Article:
Pine Grove Cemetery, Topsfield, Massachusetts

So, … why is that? In fact, why is his headstone specially marked with his Confederate service, that is, Company I, 9th Virginia Infantry?

Is this a “military” style headstone? Did he specifically request that his Confederate service be noted?

Well, I can tell you one thing, my curiosity has been aroused for several years now … it is just this year that I finally decided to do something about it. However, I’m not interested solely in William Buckner Taylor’s Confederate service. I’d like to know a little bit about the man! I mean, why did he choose to stay in this area? Did he leave family in Virginia or had they perished during the war? Did he have a family here and where are they buried? What kind of work did he do? What other kinds of interests did he have? And on and on …

Unfortunately, these questions cannot be answered quickly. Definitely not quickly enough for a blog entry. However, using the little bit of information from William Taylor’s headstone as well as a two hour “Google” search, here’s what I’ve got so far.

First, the obvious … William Buckner Taylor was born in 1844 which means that he would have been 17 years old when the Civil War began and 21 years of age when it ended. Taylor died in 1911 which means he would have been about 67 years of age.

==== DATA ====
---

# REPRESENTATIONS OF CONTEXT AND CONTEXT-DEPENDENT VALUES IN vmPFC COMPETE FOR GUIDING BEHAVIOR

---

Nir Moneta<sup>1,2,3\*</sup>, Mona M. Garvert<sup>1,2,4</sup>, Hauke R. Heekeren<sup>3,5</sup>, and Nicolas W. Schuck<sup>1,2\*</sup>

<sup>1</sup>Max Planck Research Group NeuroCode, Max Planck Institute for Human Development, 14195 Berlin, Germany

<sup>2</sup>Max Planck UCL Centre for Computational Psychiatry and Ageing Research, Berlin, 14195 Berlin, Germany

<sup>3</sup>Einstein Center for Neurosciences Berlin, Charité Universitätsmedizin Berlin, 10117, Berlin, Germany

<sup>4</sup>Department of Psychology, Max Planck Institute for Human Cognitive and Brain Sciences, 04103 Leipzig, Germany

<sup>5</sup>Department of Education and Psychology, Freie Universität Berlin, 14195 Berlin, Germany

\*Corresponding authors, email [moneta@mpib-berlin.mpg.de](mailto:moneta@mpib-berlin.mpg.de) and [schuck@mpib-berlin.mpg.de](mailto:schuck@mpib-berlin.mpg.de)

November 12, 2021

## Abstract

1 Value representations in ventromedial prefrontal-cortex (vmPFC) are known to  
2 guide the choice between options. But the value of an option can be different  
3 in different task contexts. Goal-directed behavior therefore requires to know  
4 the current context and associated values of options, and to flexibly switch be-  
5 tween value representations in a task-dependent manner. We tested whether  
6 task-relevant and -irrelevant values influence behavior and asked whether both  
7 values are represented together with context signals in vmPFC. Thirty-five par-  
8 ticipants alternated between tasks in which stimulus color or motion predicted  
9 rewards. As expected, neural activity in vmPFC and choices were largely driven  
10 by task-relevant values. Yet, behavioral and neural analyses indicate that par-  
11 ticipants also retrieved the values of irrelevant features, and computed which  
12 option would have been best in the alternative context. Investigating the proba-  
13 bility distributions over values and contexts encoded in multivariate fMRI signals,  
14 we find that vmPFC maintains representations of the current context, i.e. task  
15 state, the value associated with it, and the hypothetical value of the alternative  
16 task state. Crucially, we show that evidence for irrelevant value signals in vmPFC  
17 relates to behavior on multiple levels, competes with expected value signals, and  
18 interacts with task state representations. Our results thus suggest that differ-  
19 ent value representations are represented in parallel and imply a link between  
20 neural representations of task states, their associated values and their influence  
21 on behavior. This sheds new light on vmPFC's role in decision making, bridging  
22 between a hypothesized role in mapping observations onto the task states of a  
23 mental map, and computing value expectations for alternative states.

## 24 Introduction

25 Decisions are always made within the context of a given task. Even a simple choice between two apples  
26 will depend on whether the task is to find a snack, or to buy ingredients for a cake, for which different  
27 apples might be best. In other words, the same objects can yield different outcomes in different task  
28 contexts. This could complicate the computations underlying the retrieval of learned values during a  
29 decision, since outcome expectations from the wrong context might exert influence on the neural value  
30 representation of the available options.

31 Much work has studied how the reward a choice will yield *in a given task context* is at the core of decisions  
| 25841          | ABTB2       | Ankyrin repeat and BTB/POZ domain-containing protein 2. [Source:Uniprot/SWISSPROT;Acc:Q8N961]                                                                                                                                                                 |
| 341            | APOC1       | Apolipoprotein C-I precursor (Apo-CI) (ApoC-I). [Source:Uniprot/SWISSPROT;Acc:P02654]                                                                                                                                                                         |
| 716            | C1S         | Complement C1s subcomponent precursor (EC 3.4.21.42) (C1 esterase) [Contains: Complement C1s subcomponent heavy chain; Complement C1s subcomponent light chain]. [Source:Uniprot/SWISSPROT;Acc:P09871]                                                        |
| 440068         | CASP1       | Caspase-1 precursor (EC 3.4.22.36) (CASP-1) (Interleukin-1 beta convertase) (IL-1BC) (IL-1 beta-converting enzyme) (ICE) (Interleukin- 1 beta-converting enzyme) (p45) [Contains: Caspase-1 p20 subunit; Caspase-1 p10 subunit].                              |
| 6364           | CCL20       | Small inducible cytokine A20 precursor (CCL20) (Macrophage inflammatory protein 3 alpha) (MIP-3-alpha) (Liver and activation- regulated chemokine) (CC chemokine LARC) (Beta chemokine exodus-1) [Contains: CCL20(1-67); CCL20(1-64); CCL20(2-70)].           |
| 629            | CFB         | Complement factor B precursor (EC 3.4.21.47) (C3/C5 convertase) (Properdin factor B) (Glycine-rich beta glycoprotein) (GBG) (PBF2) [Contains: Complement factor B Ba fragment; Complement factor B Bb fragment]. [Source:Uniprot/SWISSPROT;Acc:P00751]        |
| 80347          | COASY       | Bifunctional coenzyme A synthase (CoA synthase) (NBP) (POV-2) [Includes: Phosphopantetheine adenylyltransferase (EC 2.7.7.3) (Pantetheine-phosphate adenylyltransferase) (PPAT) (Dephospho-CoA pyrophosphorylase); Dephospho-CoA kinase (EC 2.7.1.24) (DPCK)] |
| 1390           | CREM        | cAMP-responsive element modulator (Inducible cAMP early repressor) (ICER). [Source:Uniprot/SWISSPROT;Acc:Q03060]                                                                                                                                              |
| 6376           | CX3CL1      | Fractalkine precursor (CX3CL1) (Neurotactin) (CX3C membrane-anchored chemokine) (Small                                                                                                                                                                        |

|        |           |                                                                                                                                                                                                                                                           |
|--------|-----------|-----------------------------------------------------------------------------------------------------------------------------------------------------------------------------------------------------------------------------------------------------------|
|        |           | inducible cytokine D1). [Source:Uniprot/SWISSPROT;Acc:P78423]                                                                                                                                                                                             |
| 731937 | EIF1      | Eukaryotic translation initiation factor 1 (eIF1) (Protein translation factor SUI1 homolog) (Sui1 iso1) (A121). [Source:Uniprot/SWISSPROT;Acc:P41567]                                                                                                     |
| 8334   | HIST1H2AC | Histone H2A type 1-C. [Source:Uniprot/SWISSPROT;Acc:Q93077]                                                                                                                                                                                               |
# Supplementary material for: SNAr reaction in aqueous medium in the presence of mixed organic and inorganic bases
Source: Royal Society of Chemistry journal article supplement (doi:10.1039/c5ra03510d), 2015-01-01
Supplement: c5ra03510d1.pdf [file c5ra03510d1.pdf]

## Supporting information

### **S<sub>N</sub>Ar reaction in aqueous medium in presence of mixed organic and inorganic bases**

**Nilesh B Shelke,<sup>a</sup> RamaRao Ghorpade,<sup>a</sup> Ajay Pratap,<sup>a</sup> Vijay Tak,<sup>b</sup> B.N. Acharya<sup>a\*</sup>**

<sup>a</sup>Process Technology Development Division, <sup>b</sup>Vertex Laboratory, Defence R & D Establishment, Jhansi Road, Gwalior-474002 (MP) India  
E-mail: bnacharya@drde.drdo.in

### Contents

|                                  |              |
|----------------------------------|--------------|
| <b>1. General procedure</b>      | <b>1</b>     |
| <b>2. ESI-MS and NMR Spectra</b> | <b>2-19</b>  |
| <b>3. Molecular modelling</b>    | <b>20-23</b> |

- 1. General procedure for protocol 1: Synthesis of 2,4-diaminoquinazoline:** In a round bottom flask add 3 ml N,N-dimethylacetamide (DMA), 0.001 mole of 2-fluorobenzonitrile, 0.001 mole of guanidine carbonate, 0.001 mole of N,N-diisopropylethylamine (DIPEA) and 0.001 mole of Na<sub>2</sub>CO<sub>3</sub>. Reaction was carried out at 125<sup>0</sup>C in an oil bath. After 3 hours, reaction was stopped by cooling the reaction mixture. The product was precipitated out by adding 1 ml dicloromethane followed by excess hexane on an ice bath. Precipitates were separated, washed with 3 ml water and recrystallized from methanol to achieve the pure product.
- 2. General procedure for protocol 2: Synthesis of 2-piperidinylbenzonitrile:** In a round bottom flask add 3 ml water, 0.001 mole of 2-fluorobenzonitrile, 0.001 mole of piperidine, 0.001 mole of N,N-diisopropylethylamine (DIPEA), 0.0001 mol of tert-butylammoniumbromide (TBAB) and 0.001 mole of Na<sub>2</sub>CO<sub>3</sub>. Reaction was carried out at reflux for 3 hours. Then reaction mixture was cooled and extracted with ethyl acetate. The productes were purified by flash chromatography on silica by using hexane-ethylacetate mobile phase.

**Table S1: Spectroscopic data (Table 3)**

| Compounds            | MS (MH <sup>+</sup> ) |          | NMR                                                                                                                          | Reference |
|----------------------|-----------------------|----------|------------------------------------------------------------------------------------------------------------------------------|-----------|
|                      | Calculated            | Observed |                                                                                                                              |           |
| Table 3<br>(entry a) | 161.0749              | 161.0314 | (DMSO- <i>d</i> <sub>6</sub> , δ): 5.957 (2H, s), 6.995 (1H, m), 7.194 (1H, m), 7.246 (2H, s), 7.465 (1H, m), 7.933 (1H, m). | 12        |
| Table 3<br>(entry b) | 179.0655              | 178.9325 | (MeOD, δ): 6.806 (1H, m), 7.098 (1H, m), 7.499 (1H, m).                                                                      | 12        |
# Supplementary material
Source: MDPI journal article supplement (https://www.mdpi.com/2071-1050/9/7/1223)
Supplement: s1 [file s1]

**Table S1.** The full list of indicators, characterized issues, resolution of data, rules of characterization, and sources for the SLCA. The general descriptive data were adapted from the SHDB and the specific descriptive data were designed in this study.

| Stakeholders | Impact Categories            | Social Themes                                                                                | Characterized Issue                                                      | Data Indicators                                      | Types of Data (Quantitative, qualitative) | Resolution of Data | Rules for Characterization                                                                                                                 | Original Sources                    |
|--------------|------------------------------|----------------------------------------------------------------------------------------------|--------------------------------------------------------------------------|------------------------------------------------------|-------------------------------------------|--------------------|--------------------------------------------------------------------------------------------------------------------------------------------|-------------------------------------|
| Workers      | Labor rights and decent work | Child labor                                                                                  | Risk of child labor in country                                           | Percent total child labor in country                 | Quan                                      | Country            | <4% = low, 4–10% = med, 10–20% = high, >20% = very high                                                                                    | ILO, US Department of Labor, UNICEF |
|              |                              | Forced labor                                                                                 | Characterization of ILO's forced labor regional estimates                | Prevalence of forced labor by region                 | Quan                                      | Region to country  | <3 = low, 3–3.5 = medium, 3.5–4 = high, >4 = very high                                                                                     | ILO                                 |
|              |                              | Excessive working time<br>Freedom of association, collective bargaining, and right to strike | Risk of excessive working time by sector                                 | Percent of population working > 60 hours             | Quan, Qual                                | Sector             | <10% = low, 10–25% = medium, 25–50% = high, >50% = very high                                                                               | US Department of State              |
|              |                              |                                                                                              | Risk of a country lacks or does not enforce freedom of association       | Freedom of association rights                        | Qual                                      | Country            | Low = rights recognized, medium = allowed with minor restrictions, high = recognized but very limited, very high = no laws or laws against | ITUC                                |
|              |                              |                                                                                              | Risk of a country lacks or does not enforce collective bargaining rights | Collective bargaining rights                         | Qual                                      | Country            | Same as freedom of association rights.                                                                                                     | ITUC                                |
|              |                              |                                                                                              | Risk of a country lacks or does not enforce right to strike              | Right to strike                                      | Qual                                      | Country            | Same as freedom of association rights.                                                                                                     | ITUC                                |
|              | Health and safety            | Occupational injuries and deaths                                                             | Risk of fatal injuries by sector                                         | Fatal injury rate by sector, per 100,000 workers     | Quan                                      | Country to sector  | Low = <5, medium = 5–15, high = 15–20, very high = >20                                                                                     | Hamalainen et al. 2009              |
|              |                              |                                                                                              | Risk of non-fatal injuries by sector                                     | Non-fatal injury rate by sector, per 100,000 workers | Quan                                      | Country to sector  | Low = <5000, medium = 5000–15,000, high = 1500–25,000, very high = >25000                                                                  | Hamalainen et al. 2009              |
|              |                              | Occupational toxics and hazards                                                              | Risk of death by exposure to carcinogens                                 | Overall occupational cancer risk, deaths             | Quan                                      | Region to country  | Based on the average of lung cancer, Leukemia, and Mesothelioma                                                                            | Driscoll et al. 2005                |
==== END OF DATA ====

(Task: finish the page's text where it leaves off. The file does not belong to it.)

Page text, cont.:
I’m afraid that the biggest challenge thus far comes from the fact that the name of William Taylor (and even William Buckner Taylor) from Virginia, even those born in 1844, is VERY common! (But that fact can also make the search all the more fun!)

And now for some “background” information … there was a 9th Virginia Infantry Regiment and a 9th Virginia Infantry Battalion. If Taylor served in the 9th Virginia Infantry Regiment, Company I was at one time known as the “Craney Island Light Artillery” and he may then have seen “action” in places like the Second Manassas, Harper’s Ferry, Fredericksburg, and even Cemetery Hill in the battle of Gettysburg.

Sadly, Virginia saw the most battles during the Civil War … 123 to be exact (Civil War Battle Summaries by State). One can only speculate then that there wouldn’t have been much left of that beautiful countryside to return to, not to mention an economy in shambles. Certainly, some very compelling reasons not to return to one’s native state. In addition, like any war in any part of the world, human casualties are not limited to those in uniform. Many civilians perish as well from injury, hunger and disease. Was this the fate of William Buckner Taylor’s family?

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I must admit that I’ve never been a huge fan of American Civil War history. However, I have always loved biographies and/or personal histories, especially of those “invisible” individuals (aka, “non” celebrities or “the rest of us”). And, being able to place a person in a specific time period has alway given that “moment” in history greater significance or “substance” if you will. Well, at least, it does for me.

So, while this may be a limited beginning, I am pleased with the results thus far. Trust me, however, this is just the start!

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Note: For an update to this entry, please visit Past Entries Revisited